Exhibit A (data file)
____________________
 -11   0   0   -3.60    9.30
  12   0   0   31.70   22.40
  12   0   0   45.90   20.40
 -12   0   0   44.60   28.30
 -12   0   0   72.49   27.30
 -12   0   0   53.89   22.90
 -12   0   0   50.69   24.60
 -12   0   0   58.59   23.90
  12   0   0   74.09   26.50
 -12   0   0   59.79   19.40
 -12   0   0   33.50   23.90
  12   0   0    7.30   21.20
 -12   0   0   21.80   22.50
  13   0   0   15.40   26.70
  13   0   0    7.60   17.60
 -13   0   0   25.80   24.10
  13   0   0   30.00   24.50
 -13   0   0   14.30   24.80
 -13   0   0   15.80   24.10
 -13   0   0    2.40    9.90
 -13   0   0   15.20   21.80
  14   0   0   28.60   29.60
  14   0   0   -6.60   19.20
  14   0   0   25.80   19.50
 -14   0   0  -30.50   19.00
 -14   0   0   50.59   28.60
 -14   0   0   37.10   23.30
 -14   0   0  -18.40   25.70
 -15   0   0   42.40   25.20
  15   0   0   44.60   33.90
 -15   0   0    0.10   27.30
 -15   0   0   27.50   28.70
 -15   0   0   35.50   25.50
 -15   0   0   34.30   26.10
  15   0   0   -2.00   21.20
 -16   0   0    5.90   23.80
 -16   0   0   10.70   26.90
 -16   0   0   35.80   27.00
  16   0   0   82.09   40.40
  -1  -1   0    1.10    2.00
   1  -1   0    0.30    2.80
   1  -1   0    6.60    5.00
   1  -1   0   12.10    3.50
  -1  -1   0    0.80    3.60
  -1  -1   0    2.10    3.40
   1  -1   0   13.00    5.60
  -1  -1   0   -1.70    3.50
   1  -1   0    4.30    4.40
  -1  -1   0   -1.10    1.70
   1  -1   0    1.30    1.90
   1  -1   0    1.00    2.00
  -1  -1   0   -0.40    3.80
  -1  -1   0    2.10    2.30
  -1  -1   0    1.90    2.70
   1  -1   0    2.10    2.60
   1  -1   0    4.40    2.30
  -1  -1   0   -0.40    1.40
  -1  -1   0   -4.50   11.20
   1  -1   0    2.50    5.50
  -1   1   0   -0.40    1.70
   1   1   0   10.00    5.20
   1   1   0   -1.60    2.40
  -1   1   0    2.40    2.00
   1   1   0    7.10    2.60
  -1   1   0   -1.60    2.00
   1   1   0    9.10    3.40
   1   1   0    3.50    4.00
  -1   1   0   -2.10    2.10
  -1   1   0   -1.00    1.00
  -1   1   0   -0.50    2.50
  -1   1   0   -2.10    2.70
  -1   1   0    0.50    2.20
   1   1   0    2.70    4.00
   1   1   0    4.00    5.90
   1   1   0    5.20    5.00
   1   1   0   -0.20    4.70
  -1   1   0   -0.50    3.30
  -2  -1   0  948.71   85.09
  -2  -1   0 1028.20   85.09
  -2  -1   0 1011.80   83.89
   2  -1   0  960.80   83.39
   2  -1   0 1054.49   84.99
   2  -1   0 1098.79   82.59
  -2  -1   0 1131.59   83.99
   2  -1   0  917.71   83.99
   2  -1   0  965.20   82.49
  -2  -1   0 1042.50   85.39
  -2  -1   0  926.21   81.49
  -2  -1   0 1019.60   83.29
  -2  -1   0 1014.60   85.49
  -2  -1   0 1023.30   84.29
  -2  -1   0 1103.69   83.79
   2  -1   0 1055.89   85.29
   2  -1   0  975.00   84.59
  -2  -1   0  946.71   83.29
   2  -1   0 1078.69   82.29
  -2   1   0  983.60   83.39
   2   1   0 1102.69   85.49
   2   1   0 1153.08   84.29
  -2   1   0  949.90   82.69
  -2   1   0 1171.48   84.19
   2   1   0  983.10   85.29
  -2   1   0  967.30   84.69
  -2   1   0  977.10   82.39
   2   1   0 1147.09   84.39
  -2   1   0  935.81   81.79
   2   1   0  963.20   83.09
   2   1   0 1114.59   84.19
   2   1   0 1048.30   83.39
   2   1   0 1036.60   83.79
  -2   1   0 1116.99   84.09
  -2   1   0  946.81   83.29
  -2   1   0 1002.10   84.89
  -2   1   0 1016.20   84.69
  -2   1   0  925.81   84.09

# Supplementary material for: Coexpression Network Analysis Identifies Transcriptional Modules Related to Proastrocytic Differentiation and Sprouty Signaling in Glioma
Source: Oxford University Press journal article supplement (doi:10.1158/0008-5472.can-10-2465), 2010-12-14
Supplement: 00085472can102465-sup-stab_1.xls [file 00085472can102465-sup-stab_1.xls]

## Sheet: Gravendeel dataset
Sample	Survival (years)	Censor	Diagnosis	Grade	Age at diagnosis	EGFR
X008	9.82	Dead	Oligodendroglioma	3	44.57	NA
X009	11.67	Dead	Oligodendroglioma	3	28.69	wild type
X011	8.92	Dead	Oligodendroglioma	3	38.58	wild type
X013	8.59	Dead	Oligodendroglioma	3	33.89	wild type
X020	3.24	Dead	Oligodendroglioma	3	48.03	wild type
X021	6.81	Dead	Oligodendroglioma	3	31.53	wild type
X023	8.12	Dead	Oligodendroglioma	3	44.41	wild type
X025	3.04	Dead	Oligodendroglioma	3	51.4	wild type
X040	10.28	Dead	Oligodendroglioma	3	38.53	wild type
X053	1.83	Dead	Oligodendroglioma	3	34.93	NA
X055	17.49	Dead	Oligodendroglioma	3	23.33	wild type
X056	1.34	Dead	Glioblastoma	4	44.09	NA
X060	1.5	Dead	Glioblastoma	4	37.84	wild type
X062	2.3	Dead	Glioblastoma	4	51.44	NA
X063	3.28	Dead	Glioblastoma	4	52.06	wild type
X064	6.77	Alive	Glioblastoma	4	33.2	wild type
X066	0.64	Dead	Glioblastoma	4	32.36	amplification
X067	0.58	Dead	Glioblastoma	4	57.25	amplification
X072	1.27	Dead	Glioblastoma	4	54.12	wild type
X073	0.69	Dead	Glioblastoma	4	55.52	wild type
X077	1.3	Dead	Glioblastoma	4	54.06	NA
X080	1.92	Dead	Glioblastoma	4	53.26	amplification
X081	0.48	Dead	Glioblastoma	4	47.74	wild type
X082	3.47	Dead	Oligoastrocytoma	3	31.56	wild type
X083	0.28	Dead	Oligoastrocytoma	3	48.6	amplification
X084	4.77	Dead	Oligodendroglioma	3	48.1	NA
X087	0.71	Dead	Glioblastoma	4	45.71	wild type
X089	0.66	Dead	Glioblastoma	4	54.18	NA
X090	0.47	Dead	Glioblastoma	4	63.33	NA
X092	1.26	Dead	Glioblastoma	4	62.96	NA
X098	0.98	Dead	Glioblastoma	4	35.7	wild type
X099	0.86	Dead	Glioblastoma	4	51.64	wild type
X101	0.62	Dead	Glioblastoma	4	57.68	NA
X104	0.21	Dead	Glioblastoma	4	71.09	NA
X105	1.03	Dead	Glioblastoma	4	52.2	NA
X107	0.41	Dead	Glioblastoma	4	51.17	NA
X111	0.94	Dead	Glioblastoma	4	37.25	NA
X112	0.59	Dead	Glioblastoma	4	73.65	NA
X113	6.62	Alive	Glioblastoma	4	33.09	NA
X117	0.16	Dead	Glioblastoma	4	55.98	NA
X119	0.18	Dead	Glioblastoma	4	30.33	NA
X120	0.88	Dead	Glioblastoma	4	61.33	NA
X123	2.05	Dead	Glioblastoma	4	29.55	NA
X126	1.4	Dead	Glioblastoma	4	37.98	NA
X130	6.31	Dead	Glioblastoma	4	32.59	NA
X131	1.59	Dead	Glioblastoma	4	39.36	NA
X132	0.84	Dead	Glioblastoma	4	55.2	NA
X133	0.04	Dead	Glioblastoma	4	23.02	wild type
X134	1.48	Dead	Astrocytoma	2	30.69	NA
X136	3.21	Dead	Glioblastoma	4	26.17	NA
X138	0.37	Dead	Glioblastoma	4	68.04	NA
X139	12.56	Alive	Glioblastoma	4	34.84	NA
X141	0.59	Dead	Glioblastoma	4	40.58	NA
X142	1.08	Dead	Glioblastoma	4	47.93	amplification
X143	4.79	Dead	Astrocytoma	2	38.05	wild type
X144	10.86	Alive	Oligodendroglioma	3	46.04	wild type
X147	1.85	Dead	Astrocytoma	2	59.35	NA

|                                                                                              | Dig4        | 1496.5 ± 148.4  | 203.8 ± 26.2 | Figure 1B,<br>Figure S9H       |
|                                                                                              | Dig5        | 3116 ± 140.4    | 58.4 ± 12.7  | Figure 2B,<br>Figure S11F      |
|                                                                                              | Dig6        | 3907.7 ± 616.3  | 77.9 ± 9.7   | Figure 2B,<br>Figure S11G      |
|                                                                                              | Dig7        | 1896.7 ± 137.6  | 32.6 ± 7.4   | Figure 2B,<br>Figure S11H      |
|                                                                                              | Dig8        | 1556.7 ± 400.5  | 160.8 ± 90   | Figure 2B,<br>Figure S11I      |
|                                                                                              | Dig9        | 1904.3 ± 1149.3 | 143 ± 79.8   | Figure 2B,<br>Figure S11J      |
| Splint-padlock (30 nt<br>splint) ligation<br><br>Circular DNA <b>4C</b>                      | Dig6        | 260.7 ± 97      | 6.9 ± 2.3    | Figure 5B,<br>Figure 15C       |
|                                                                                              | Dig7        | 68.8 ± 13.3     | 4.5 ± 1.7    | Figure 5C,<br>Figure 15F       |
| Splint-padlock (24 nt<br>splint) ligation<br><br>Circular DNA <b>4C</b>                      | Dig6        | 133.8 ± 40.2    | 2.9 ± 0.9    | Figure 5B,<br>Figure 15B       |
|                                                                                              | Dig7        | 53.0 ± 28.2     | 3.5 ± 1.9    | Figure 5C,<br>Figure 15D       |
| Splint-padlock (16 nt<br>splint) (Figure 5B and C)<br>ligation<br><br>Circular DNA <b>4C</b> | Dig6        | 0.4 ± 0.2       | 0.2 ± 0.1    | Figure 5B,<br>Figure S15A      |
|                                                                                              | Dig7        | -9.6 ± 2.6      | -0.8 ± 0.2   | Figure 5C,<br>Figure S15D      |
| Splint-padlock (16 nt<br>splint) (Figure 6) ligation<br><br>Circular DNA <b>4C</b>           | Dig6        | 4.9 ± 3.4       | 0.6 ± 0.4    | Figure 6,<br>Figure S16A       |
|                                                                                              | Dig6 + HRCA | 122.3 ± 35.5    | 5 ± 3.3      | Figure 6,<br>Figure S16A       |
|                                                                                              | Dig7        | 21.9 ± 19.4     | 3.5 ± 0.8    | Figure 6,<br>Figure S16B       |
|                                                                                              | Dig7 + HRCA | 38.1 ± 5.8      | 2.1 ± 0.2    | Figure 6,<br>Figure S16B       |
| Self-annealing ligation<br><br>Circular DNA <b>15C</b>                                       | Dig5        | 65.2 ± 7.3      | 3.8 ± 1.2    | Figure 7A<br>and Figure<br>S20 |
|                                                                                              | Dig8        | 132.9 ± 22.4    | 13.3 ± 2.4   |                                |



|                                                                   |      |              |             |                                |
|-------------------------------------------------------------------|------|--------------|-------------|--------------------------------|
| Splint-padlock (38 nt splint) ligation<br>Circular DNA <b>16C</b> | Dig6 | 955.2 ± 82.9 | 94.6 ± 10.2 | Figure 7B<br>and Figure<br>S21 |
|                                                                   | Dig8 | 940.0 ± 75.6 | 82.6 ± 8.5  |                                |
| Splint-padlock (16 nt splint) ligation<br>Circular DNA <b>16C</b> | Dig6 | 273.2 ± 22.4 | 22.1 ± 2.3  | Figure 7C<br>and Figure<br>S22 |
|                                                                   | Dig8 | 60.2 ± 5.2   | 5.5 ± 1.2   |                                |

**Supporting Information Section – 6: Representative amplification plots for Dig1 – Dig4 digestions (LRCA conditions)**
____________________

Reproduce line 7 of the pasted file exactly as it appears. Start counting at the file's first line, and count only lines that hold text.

 -12   0   0   50.69   24.60